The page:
My husband affectionately calls me the “Bag Lady” because I’m like Mary Freaking Poppins.
I carry pretty much everything any single person could need–shoes, clothes, make-up, bills, books, computers–everything.
Call me a crazy New Yorker, but I lived through 9-11 and the Great Blackout. There’s no way I’m getting stuck in Manhattan without options.
It was late on a Friday night. I was tired and distracted. Another long week in the salt mines sent me to the comfort of my smart phone.
I was busy having an inane conversation with a friend via text and I suppose it was engrossing.
So engrossing, in fact, I nearly missed my stop. (Who misses their stop because they are screwing around on their smart phone? Seriously?)
The doors dinged, I looked up, grabbed the bag I’d plopped down beside me and raced out, barely squeezing through before they closed behind me.
Half way across the parking lot, still deeply connected to my smartphone and ignorning everything in the frigid parking lot around me, I had this creeping sensation that something was missing.
I meandered to the car (because first of all, I’m incapable of walking in a straight line with or without a smartphone, and second of all, I was avoiding the massive snow-piles-cum-glaciers macerating all over the parking lot) , fumbled with the keys, threw my bag into the passenger seat and got in.
I sat there for a minute, looking at my bag.
Wondering why something felt “off.”
I left the office with 2 bags.
Now I’m down to one.
I left the bag on the train.
Every shred of personal information I had, was all over it….receipts, bills, coupons, some of my work–all with tons of personal information EVERYWHERE.
I’d lost stuff on the train before. I even put in a Lost and Found Request . None of it ever came back to me.
It was lost forever in the black hole of MTA Lost and Founded-ness.
I could stand to lose umbrellas and gloves, but this was FAR worse. What was I going to do?
I called my husband, who thought something really terrible had happened (Was I hurt? Where was I? Did he need to come pick me up?).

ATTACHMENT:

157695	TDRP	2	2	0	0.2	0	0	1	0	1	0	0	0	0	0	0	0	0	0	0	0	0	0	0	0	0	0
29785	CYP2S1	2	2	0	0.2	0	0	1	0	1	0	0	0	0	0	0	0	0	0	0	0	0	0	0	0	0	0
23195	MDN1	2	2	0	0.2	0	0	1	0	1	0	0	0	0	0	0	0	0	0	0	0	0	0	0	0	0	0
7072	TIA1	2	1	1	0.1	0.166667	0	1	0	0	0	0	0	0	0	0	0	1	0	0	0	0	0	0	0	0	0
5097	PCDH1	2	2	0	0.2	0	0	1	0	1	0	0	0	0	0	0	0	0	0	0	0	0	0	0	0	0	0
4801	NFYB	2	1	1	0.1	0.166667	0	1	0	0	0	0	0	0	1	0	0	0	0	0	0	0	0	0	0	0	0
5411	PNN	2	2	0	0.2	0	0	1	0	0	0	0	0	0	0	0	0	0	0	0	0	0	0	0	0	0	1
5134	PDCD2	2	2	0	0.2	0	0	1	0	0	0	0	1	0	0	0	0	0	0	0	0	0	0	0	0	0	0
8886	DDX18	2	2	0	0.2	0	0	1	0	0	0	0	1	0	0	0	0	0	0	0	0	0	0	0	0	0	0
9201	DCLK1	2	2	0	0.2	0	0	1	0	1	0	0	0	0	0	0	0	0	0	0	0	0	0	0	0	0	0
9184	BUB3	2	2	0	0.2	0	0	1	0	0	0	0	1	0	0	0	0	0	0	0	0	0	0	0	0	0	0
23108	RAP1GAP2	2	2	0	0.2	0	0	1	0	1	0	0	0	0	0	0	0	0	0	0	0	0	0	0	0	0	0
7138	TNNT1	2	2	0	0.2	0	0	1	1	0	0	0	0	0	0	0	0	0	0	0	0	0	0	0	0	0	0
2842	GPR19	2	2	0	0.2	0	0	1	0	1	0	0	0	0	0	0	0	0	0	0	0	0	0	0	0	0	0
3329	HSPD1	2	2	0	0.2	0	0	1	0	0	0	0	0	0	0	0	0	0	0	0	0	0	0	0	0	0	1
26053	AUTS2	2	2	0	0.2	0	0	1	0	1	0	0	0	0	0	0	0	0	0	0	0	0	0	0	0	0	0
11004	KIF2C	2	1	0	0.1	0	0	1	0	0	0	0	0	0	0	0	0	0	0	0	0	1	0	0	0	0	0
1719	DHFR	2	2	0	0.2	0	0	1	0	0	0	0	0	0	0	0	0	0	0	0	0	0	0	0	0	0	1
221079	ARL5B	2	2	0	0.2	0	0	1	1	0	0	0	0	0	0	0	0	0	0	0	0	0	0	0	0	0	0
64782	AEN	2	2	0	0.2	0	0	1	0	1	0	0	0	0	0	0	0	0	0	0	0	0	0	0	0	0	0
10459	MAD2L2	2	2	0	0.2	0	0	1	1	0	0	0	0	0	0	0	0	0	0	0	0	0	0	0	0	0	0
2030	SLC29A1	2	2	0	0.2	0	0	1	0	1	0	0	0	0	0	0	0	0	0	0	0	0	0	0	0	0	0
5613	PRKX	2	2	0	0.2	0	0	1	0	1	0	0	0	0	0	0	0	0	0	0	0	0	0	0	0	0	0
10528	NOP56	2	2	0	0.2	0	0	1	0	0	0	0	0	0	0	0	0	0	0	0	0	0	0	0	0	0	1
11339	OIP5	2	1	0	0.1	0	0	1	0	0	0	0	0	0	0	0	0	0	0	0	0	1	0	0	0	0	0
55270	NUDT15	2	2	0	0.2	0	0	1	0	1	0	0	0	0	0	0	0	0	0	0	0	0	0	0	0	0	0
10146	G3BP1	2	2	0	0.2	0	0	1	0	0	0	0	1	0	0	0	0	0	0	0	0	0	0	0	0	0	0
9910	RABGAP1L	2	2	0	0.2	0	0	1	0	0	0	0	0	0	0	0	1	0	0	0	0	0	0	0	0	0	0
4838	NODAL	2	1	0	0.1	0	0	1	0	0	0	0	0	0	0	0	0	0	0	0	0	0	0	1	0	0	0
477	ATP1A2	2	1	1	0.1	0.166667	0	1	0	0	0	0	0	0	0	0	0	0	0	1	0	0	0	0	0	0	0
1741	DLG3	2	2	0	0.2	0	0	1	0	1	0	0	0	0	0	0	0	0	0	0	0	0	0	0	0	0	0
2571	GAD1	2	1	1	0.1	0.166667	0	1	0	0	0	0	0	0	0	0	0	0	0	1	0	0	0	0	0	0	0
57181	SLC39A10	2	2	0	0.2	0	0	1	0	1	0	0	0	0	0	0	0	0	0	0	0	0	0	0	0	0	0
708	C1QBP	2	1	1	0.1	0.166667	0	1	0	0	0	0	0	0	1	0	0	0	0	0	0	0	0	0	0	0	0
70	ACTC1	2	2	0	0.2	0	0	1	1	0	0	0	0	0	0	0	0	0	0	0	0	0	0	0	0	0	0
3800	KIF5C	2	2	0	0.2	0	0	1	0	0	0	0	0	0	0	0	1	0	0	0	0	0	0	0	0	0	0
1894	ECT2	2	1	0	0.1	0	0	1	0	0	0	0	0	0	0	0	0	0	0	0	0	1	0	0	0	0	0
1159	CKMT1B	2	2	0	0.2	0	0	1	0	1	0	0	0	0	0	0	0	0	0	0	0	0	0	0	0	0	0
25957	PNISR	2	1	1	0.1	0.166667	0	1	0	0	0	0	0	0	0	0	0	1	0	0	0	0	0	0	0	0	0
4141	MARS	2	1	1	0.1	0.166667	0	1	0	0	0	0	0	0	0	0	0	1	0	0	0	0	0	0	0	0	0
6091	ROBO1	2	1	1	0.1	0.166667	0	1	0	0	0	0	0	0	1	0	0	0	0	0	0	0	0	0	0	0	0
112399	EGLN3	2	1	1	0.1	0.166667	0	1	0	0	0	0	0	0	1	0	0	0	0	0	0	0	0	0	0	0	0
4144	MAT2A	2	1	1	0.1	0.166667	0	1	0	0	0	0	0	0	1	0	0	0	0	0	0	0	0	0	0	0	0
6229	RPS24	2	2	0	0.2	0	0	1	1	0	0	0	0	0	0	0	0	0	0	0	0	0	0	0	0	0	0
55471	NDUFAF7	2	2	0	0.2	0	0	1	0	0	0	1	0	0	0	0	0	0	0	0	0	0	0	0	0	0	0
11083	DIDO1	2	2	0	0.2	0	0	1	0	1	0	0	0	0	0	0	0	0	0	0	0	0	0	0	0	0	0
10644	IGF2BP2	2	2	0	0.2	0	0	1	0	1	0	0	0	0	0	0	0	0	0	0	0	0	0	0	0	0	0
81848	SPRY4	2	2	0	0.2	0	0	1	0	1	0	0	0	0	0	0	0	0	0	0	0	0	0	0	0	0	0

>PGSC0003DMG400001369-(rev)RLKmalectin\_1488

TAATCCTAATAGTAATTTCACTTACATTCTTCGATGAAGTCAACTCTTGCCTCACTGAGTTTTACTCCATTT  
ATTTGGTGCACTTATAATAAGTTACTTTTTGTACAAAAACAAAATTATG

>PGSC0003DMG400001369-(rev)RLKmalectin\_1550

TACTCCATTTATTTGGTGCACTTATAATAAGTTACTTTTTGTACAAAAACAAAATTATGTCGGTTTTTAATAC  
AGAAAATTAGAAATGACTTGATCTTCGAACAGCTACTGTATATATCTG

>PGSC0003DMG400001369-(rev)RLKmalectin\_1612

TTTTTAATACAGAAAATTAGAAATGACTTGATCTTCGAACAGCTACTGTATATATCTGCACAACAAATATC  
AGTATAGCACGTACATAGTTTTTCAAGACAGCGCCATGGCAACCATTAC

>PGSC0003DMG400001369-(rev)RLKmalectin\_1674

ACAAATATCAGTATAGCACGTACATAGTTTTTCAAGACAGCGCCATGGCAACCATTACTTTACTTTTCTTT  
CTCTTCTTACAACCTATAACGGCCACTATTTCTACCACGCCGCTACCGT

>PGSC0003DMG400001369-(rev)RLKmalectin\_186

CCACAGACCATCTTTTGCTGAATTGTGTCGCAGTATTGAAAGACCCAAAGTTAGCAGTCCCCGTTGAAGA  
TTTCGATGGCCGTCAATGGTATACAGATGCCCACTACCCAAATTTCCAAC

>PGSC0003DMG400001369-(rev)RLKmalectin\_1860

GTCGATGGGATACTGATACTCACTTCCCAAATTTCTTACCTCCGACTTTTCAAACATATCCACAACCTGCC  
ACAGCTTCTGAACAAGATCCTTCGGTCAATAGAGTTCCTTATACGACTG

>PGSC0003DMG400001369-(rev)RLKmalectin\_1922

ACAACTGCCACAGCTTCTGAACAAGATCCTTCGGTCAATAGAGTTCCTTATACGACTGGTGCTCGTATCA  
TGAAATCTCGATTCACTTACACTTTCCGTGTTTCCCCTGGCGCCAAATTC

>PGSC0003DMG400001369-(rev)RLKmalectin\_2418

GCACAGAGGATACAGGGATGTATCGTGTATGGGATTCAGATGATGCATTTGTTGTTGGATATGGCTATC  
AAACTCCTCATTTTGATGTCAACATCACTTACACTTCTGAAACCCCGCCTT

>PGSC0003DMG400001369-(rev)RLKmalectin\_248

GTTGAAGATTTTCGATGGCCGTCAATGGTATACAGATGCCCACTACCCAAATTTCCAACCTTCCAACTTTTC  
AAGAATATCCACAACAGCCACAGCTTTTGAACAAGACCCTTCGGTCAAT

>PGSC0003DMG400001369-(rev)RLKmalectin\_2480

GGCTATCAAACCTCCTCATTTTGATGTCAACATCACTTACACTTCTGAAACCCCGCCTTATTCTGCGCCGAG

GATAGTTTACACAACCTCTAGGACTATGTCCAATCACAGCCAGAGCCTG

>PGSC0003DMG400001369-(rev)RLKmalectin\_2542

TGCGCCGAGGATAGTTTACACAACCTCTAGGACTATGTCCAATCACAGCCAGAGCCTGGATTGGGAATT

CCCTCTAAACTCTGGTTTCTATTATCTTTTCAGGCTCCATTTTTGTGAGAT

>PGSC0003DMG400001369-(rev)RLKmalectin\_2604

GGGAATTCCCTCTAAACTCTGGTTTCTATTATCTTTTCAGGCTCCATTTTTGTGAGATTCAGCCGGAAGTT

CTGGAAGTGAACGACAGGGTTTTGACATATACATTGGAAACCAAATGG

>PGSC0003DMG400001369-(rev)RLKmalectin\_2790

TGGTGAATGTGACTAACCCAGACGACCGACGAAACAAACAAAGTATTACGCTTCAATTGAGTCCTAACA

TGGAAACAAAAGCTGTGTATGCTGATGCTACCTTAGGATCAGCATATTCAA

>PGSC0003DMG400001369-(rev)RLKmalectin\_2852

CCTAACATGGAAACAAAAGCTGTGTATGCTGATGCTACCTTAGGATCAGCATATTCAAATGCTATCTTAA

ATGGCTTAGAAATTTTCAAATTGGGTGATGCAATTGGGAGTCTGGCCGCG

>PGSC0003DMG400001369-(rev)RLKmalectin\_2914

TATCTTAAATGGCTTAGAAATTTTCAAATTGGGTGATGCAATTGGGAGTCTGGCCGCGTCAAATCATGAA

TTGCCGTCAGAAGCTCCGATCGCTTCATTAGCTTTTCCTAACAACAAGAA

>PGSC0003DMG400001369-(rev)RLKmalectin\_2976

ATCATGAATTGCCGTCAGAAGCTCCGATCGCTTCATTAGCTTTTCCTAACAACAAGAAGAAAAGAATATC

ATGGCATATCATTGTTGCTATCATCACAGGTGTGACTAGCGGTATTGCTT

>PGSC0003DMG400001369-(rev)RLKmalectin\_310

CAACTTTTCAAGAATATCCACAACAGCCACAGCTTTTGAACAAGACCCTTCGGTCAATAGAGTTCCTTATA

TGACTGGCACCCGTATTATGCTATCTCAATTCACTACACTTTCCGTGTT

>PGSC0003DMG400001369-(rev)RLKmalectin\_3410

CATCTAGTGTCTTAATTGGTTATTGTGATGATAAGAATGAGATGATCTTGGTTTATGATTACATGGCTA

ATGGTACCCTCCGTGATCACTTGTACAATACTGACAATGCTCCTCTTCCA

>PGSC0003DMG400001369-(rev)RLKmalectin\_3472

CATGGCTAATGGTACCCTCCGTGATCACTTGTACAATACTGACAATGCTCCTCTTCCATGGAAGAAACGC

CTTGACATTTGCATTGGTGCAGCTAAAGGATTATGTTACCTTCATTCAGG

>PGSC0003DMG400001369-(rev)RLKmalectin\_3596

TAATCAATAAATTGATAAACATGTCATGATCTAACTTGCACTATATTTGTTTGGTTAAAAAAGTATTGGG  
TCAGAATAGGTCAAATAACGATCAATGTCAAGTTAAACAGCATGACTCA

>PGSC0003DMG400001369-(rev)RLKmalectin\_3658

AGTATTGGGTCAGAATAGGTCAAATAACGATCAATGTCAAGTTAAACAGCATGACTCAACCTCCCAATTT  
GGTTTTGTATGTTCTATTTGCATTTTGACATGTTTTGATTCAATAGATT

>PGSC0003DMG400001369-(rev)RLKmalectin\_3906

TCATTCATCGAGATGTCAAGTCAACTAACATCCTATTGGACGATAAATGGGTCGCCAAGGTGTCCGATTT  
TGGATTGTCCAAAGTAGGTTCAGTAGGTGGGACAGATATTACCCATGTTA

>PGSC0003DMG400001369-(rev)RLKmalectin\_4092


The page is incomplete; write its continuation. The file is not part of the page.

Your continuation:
Finally after 5 minutes of blathering like an idiot, he figured out what I was trying to tell him. Calmly he told me to relax and that he would call the railroad.
“But how can you be the bag lady without any bags?” he asked, trying to lighten the moment.
In spite of myself I laughed.
I couldn’t believe I was such a moron.
Bag. Train. Lost. Forever.
Or…so I thought.
Sunday night rolls around and I get a call from a number I don’t recognize. Being the antisocial wierdo that I am, I let it go to voicemail. Five minutes later I pick the message up.
“Hi, umm, my name is Joe, and I found a bag on the train. I think it’s yours.”
My heart skipped a beat. I dialed Joe’s number and waited while it rang.
“Hello?” a friendly voice said.
“Hi, Um. You called me. You said that you found my bag on the train?”
“Yeah, are you TheCrankyCommuter?”
“Um. Yeah, thats me.”
“Well listen, I found your bag in the office when I came in for my shift. I figured since I found your number on the stuff inside, I’d give you a ring. I can send the bag back to Penn on the next train and it will probably take a week for you to get it back, or if you are close by, you can meet me at the train station and I can give it to you here.”
I thought for a minute.
1. It was late.
2. I was by myself.
3. Its dark at the train station when it’s late. And even worse when I’m by myself.
Two minutes later I hear myself saying–
“Sure, when should I meet you, and where?”
I figure I’m safer in a pair, so I call a friend. When 8:30 rolls around and he comes to pick me up, I’m nervous and antsy.
What if this is some ploy? What if I get murdered or kidnapped? What if we both get murdered? Will anyone notice?
Despite my endgaming, my friend assures me I’m mostly insane and drives us off to the train station (but only after getting us lost). We find a place to camp and wait.
A few minutes later, an LIRR truck cruises by, a guy in the driver’s seat peers around at all the other cars waiting to pick up passengers headed back to school after February break.
“That’s Joe!” I exclaim and dash from the car to flag him down, flailing my arms like an idiot.
He climbs out. He’s all LIRR’d out. LIRR jacket, hat and an orange vest. The real deal.
“Yes, Oh god, I am so glad you found my bag. Seriously. I can’t thank you enough. Really. My whole life is in there. ” I gush as he hands over my ratty canvas bag. (Seriously, who would ever want it anyway?)
“Hey. No big deal. I figured you’d want it back.” (he kind of winks at this. I suspect he probably spied the random receipts, bills and the short stories I was working on.)
I smile sheepishly. . I guess if I’m gonna write, I better get used to people nosing around in my stuff.
“Thank you so so so very much, Joe. Really. Seriously.” I gush.
The next thing I know, I’m hugging Joe and continuing to thank him profusely.
He turned red and made an excuse about heading back to work, climbed back into his truck and waved goodbye.
And….despite my fears of murder and evil plots….I had my bags.
Mary Poppins and her spoon full of sugar be damned.